How organisational development and cross-cultural management can shape the future? Watch this webinar and learn about Allison's experience studying a Master's Degree in the UK and how her research project at LSE could help organisations develop at a global scale.

About Allison Murdoch

MSc Human Resources and Organisations

Allison was looking for a globally diverse student body when she decided to study in the UK. Originally from New York, she has had exciting challenges and opportunities while in London, a hub for international talent. Her research project at LSE aims to drive real change for student engagement at her department. Discover how she is creating a supportive pathway to help others through organizational development and cross-cultural management.

Speaker profile

What motivated you to study in the UK?

I’m interested in organizational development, scaling, and cross-cultural management, and I saw immense value in getting an international experience. While I chose to study in the UK, the greatest appeal of attending was the incredibly diverse student body at my university. My program alone has students from more than 42 countries, and I couldn’t think of a place to find a more globally diverse student body

What was the most valuable experience about studying in the UK?

The UK, and London in particular, is a hub for so much international talent. Almost everyone I meet in New York is at the very least Americanized, if not American. The UK doesn’t have such an all-consuming culture, and people tend to move here a lot later in life, so people stay tied to their national identities. My usual lunch group alone includes friends from Spain, South Korea, Denmark, France, Hong Kong, Japan, and (shockingly enough) the UK itself. I’ve learned so much from hearing so many global points of view on a daily bas

Why did you choose LSE?

In addition to LSE’s stellar global reputation, I was drawn to the global focus of the university. Having gone to a highly competitive undergraduate institution I knew what to expect from the workload, but the diverse student body has provided me with an unexpected and exciting challenge in my learning community. I also can’t deny the draw of London and all of the opportunities it presents. After living in New York City for the last 7 years I would’ve had to be dragged kicking and screaming to a small university town.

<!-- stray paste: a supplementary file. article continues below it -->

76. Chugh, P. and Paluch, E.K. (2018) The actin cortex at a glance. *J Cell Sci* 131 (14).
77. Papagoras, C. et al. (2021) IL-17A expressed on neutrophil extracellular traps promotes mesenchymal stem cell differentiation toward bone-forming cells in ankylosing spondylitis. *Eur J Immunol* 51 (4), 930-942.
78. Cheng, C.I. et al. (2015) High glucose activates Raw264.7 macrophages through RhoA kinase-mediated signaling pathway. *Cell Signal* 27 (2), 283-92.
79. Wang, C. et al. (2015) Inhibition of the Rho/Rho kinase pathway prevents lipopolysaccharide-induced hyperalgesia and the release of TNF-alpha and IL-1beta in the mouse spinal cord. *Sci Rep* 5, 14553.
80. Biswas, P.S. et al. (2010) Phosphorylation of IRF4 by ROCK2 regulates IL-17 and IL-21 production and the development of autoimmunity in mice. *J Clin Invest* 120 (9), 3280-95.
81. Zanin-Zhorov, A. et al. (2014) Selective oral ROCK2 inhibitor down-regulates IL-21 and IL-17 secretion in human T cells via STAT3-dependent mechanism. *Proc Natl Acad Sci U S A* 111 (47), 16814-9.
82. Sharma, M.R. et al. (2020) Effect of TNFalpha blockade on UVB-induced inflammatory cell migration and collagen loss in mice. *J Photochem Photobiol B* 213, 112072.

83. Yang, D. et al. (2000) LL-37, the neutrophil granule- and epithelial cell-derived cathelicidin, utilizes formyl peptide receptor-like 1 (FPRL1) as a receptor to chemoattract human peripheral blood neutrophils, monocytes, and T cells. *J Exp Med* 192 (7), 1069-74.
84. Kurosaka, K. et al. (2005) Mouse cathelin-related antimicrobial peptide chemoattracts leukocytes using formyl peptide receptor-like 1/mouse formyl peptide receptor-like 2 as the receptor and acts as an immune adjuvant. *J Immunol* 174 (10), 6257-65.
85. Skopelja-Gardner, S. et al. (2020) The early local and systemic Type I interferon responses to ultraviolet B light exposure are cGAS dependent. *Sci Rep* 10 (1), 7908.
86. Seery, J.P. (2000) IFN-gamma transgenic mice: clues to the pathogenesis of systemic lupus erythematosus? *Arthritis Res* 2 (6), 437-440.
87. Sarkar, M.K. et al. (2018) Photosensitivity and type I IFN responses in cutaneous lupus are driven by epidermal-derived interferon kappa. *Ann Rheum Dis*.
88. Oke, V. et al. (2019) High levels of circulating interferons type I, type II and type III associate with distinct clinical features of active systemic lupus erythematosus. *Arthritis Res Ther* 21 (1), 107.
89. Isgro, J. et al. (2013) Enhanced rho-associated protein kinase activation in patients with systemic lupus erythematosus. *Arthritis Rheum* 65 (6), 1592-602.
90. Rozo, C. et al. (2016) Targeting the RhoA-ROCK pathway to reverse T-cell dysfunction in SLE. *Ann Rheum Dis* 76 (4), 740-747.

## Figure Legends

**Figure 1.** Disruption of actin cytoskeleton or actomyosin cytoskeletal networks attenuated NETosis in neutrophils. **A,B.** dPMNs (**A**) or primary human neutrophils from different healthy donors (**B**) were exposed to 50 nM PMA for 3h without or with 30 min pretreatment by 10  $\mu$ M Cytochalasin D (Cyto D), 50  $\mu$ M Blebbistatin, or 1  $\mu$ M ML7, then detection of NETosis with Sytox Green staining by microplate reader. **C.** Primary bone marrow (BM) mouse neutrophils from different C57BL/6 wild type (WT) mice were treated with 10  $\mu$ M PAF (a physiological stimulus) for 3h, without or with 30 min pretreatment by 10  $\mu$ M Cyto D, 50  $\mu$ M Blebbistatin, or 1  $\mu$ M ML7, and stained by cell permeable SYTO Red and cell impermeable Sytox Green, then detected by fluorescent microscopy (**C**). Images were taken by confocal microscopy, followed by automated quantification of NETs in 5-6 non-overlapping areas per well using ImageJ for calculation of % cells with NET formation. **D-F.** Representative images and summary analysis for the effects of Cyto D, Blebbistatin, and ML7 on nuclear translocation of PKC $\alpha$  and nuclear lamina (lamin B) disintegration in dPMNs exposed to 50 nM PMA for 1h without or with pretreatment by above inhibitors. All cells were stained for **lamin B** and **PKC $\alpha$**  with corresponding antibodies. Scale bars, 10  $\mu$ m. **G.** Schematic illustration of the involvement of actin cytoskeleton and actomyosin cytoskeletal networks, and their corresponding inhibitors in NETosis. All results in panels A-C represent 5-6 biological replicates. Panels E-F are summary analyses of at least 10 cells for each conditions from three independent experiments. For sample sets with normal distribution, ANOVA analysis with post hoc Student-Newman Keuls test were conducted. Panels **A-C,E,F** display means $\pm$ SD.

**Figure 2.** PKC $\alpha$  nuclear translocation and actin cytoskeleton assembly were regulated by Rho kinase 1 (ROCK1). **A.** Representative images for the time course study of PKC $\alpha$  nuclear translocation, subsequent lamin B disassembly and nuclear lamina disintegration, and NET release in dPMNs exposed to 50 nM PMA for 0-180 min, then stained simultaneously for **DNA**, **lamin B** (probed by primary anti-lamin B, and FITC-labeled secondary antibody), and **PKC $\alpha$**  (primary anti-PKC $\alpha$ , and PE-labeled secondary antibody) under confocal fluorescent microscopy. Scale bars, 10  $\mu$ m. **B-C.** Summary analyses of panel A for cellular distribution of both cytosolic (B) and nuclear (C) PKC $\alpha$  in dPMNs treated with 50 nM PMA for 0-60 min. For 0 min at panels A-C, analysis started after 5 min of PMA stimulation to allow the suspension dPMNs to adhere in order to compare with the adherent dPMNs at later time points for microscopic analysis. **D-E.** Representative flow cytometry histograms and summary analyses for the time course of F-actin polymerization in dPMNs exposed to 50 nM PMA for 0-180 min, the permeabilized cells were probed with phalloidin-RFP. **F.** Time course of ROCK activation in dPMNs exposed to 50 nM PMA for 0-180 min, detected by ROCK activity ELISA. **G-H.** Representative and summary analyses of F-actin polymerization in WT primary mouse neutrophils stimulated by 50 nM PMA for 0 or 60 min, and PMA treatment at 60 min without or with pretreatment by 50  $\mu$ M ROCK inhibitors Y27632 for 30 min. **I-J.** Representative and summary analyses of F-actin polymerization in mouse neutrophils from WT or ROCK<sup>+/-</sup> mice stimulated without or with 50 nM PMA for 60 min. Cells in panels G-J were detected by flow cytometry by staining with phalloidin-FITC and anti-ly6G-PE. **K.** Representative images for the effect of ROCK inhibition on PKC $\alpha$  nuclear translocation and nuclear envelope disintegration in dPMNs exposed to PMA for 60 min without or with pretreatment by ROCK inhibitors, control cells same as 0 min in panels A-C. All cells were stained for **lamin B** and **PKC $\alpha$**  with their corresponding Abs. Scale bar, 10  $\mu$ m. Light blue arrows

What was the greatest challenge you experienced when studying abroad?

Admittedly, being so far away from my friends and family back home has been tough. But I’ve made some amazing friends here and it’s been incredibly valuable having to rebuild my community from the ground up. Modern technology and budget airlines also make things a little easier!

What are you working on at the moment?

In addition to pursuing my degree and beginning my dissertation, I’m currently doing a research project sponsored by LSE Changemakers, where I’m doing a qualitative study on student engagement in my department. I’ll get to present my findings to important people in the department to consult and drive real change, which is incredibly exciting. I’m also preparing for a Muay Thai fight at Kings College with LSE’s Muay Thai fight team.